Wednesday, July 29, 2009

Cry Uncle

I can’t believe that I am writing two posts in one day. I came to work this morning intent on writing this post, but I got interested in the idea of The Environment below. But, this post was the one running around the most in my head.

I tell my Principles of Economics students that even though they are new to Economics, I hope they have learned enough by Thanksgiving break to hold their own with their uncle who will proceed to lecture them over turkey and dressing about what’s wrong with the economy. It is humbling to realize that when I write about something as purely religious as this post that there are pastors and professors of religion for whom I am that uncle. Once I heard a guest pastor give a sermon on Psalm 29. I was fascinated by that, and did a lot of reading of the Psalms in which I came to the conclusion that Psalm 29 looked liked the ending of a sequence of early Psalms that mirrored the salvation history of the entire Bible. My inner academic thrilled at this little insight, which lasted a couple of weeks until I read exactly the same point in a footnote of my study Bible. Scoop Isaac had struck again. So I hope that it is with this expanded sense of humility that I present the following discussion that I have been thinking about a lot recently.

Consider the central passage (this from Mark 8, ESV) “If anyone would come after me, let him deny himself and take up his cross and follow me.” A common popular interpretation of this verse leads to the idea that “this is my cross to bear.” Jesus spoke on many levels, and I don’t rule out this standard interpretation. Anyone who has had to work 9 – 5 while dealing with a disabled parent or a friend on drugs can be comforted that this trial is just a small part of God’s bigger plan for our walk with Him. Many people in these situations are denying themselves comforts and pleasures in order to be loyal and patient friends and family members. But I’ve begun to doubt this standard interpretation, and the reason is the idea of the cross. This has been particularly weighing on me as I have been reading about the Reformation reconsiderations of the Lord’s supper. The idea that we are following Jesus to the cross with our own cross of someone else’s burden bothers me because we are not Jesus. Jesus carried the sins of the world to the cross, and that has been done once and for all. There’s nothing we can add to that.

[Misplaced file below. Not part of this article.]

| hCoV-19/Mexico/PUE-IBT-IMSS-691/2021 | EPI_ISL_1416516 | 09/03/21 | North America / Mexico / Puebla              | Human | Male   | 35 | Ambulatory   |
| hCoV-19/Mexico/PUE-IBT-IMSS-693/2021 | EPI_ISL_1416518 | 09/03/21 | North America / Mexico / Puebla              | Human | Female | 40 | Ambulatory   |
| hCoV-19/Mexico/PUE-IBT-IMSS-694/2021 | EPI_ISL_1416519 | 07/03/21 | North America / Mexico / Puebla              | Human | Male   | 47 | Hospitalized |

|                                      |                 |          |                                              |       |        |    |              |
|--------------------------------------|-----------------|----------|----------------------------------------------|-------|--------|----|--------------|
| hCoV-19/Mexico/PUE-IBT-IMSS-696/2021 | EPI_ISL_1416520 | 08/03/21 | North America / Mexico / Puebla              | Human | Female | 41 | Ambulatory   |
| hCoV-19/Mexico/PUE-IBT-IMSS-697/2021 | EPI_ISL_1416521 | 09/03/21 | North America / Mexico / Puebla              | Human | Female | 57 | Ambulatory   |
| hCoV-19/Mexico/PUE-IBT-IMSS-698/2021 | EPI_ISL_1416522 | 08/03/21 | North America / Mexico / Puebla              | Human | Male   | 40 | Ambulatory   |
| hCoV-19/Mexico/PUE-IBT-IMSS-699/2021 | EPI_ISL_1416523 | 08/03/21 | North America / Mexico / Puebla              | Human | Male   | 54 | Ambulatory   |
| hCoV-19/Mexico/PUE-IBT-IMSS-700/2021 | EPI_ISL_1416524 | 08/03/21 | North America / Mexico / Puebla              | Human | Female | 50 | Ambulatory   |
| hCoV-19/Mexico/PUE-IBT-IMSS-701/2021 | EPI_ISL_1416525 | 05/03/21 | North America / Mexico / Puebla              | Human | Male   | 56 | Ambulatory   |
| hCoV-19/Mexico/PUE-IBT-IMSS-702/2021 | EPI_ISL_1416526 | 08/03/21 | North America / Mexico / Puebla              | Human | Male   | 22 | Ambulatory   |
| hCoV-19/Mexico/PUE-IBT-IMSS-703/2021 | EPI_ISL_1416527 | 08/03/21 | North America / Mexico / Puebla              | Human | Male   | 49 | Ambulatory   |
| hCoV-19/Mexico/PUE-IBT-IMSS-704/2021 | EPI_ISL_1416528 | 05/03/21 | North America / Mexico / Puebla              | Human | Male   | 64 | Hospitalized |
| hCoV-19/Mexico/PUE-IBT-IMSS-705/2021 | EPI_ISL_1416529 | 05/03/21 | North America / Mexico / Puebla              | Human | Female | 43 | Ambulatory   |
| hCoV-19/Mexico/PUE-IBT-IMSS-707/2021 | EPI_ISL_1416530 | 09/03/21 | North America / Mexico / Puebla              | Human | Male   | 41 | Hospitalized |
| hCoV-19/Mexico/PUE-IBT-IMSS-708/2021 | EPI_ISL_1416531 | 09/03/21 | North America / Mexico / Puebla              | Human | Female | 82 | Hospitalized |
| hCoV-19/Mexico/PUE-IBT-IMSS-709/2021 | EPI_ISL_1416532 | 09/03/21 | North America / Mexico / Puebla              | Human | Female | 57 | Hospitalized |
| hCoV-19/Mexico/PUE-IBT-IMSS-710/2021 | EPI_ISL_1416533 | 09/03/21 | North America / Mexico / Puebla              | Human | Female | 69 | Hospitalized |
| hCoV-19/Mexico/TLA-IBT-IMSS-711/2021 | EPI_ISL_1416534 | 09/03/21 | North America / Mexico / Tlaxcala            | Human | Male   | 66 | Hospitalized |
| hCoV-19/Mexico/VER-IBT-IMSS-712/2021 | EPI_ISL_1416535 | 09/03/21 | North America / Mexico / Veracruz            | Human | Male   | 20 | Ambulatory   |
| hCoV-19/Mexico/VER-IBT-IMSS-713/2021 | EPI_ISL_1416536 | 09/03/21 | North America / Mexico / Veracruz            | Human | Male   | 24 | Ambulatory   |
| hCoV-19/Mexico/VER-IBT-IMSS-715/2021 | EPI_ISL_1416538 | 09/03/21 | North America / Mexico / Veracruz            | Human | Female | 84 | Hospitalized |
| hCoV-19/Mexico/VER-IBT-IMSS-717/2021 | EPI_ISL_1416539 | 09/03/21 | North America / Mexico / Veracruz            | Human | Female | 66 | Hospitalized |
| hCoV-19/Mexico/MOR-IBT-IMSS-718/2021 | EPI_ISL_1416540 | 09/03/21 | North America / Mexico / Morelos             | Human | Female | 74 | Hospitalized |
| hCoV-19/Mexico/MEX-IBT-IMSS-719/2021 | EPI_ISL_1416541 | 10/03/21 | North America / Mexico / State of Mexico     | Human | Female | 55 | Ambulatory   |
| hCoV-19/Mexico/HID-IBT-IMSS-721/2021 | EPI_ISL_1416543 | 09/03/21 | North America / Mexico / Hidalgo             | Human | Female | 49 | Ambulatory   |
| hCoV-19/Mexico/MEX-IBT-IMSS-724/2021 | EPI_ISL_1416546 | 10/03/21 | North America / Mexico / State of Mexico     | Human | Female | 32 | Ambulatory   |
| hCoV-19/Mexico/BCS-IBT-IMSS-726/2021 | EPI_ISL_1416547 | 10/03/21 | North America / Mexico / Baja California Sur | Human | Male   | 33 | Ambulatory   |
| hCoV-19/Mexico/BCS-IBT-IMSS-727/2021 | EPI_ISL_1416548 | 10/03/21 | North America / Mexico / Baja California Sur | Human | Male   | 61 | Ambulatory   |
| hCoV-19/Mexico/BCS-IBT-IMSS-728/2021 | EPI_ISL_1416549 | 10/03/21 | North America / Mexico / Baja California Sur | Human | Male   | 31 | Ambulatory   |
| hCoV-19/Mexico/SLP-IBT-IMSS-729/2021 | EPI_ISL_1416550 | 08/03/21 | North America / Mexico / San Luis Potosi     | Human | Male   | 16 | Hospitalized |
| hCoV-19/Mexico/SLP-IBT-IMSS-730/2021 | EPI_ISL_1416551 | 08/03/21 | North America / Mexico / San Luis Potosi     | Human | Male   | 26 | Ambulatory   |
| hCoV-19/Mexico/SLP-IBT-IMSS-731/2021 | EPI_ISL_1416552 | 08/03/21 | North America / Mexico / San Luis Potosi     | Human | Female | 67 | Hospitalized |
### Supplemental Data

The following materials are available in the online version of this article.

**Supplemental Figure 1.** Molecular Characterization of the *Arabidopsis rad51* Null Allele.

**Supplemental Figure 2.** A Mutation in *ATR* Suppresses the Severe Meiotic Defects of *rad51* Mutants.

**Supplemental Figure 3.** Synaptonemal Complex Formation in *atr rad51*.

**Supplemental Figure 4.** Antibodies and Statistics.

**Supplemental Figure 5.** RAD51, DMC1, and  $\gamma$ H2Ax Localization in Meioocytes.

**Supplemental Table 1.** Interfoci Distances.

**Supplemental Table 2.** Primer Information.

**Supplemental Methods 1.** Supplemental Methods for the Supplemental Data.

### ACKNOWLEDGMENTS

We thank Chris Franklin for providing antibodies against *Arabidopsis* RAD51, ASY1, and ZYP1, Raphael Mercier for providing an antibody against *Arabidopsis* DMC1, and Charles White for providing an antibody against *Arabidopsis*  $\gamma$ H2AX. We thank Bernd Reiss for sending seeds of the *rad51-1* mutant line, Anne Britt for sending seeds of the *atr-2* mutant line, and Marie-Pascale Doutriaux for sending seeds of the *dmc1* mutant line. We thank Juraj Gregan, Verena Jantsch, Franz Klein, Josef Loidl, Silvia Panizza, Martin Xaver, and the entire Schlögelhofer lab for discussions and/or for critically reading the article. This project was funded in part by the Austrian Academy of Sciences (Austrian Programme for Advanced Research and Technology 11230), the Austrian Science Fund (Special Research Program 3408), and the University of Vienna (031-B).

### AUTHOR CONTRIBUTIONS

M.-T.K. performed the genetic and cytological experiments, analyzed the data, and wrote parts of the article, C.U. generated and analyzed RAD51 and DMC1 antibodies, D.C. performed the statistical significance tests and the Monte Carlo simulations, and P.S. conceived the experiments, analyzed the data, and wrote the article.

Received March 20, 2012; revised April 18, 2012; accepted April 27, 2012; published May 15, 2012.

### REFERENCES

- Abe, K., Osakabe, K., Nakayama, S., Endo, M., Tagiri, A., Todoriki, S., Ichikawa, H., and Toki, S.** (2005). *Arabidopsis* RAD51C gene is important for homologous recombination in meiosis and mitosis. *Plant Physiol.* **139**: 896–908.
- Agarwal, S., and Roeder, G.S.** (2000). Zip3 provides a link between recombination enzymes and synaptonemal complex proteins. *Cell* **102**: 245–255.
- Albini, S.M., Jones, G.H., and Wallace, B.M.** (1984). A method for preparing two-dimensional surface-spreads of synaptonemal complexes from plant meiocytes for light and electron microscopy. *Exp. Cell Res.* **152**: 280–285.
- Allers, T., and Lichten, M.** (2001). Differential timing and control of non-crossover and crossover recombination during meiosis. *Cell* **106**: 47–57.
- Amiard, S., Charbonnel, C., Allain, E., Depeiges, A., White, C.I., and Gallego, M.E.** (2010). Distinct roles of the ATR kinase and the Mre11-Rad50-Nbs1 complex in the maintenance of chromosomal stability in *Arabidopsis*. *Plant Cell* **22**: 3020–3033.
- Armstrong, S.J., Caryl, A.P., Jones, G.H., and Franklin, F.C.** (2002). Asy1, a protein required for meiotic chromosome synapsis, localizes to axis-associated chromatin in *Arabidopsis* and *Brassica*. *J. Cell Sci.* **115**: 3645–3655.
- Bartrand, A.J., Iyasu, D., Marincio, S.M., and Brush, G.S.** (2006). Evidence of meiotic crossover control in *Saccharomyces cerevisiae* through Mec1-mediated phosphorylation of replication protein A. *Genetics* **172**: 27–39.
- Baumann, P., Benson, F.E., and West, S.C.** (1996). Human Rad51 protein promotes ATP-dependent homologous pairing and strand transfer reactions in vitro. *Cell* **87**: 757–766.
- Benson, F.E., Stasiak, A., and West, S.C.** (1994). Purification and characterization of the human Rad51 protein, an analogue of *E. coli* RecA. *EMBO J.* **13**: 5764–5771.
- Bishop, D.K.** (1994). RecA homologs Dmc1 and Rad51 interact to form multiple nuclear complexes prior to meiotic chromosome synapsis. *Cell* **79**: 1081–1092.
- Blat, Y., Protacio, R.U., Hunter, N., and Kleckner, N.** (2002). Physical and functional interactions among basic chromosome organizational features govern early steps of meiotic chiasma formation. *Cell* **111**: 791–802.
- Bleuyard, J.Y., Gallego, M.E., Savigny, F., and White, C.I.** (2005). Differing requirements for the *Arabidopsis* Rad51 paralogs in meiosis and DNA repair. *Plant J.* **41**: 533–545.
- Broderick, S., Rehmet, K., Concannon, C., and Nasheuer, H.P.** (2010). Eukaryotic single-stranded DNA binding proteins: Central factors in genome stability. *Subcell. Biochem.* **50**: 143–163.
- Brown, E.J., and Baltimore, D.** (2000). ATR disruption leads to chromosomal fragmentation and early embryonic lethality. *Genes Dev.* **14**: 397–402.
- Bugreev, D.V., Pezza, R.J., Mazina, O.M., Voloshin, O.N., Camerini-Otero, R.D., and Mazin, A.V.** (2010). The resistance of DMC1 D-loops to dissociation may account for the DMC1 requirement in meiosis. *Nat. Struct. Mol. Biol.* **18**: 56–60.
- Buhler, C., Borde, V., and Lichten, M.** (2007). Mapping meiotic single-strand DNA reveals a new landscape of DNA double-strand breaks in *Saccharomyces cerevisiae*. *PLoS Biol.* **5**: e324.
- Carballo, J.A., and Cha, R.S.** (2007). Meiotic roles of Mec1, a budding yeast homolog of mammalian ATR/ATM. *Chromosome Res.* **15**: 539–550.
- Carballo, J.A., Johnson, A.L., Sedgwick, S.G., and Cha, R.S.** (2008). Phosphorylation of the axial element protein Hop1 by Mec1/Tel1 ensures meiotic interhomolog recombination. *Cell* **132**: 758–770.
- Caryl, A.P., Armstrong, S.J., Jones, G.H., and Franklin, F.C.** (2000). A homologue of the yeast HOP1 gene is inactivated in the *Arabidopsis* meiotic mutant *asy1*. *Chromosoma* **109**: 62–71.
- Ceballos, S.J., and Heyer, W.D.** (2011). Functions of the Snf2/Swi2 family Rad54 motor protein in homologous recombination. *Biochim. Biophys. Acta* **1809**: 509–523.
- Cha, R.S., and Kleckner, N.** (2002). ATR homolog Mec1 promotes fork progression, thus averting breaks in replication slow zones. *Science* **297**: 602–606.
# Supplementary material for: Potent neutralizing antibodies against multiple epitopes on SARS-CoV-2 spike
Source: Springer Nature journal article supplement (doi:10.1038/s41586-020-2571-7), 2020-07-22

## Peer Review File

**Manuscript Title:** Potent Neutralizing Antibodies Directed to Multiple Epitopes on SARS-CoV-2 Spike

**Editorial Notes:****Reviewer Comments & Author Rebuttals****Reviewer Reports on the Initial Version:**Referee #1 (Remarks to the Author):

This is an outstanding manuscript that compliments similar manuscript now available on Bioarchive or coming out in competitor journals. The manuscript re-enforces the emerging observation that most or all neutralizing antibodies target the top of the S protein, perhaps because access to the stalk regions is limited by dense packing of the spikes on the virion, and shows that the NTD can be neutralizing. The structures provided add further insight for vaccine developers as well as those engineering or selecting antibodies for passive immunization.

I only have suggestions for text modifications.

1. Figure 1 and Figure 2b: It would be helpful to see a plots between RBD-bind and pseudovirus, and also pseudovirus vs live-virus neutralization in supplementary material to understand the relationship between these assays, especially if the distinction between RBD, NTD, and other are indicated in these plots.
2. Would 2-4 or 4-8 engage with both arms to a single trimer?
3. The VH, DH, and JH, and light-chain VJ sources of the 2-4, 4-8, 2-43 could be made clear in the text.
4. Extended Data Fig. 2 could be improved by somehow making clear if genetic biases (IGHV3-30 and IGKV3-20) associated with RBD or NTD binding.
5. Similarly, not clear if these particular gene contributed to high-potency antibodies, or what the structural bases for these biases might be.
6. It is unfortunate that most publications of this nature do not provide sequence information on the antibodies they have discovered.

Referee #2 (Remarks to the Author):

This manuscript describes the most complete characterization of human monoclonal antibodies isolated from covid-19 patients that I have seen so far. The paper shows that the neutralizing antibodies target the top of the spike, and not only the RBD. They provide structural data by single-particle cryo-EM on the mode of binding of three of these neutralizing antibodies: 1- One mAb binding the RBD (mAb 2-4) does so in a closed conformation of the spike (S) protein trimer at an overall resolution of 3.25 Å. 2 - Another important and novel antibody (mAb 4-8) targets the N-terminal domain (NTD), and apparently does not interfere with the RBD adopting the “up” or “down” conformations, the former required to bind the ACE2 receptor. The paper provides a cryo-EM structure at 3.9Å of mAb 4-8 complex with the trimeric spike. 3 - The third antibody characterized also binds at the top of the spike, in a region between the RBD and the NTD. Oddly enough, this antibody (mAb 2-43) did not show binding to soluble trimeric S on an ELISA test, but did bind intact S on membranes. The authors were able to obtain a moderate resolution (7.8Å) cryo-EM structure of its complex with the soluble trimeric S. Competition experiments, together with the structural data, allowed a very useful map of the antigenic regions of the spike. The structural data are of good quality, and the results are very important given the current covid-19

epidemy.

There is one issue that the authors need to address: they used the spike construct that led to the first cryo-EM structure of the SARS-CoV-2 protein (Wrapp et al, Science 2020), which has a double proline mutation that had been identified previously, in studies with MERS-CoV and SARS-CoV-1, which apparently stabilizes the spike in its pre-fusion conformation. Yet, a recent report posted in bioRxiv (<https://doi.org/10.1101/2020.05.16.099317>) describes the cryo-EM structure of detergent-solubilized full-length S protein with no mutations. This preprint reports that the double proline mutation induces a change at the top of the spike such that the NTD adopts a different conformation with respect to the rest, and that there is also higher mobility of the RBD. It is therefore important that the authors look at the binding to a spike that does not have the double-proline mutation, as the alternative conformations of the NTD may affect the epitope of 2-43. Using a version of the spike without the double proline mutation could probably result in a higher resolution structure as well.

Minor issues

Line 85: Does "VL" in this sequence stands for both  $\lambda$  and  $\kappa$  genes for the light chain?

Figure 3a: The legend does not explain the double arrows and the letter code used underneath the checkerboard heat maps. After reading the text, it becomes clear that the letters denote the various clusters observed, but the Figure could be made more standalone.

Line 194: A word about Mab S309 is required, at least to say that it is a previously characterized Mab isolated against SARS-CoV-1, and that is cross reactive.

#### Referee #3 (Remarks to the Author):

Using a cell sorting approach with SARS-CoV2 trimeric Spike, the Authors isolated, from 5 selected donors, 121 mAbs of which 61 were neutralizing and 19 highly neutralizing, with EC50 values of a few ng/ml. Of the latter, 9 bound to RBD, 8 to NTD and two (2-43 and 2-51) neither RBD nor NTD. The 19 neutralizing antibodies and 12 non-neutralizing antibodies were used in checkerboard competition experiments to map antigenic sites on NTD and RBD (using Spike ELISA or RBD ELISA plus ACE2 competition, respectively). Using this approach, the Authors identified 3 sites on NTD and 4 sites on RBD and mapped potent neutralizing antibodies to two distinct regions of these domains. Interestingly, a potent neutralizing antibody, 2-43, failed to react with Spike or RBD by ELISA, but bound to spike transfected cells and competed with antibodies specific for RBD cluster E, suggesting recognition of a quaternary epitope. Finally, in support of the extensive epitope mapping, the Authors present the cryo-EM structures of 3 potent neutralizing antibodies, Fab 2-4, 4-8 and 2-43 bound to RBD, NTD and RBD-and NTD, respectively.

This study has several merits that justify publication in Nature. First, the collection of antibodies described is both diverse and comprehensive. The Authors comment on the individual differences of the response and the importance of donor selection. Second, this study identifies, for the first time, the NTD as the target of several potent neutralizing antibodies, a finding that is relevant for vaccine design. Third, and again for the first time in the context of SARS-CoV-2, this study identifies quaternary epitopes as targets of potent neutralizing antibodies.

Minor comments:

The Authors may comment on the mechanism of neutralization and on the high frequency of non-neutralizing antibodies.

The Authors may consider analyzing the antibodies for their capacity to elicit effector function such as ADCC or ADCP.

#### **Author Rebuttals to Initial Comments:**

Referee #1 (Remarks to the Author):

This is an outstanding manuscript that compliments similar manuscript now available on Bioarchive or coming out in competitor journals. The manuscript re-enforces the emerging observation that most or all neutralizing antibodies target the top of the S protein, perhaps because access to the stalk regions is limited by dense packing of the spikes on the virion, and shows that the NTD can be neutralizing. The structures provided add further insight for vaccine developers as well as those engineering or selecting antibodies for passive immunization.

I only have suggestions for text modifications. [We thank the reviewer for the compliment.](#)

Another idea I had was that the cross represented the condemnation of the world. Only the Romans could order crucifixion. When I looked at it this way, the verse says to me: “If the world says that you are too ugly, or too nerdy, or too lonely, or not a good enough brother, then take up that condemnation and follow me. But this wasn’t satisfying, not because I don’t believe that Jesus is the friend of the too ugly and too lonely (I do), but rather precisely because of this I think he would want us to throw away those condemnations of the world, not drag them along.

So what I’ve come up with is a third interpretation. Here, the cross represents our own true sins. We are judged guilty because God is a just God, and the “wages of sin is death.” The justice of God demands our death, and so we already have our cross, like a criminal on the way to the hill. But God is also a God of mercy, and he has turned his sinless son over to the cross as a substitution for the atonement of our sins, and has resurrected Him to proclaim the permanent victory of eternal life over sin. I believe that this third interpretation of this verse is that Jesus is saying to us “I know you are sinful. But pick up the cross that you deserve for that sin and follow me to your salvation when I take your place on the cross.” This emphasizes to us that Jesus calls us exactly at the place of our sinfulness. This is not about carrying the burden of the sins of our friends or relatives, nor the sins of the world against us, but of our own sin. And this immediately precedes the “whoever will save his life/soul/self will lose it….” passage, which implies that what will die as we approach the cross with Jesus is our own sinful self.

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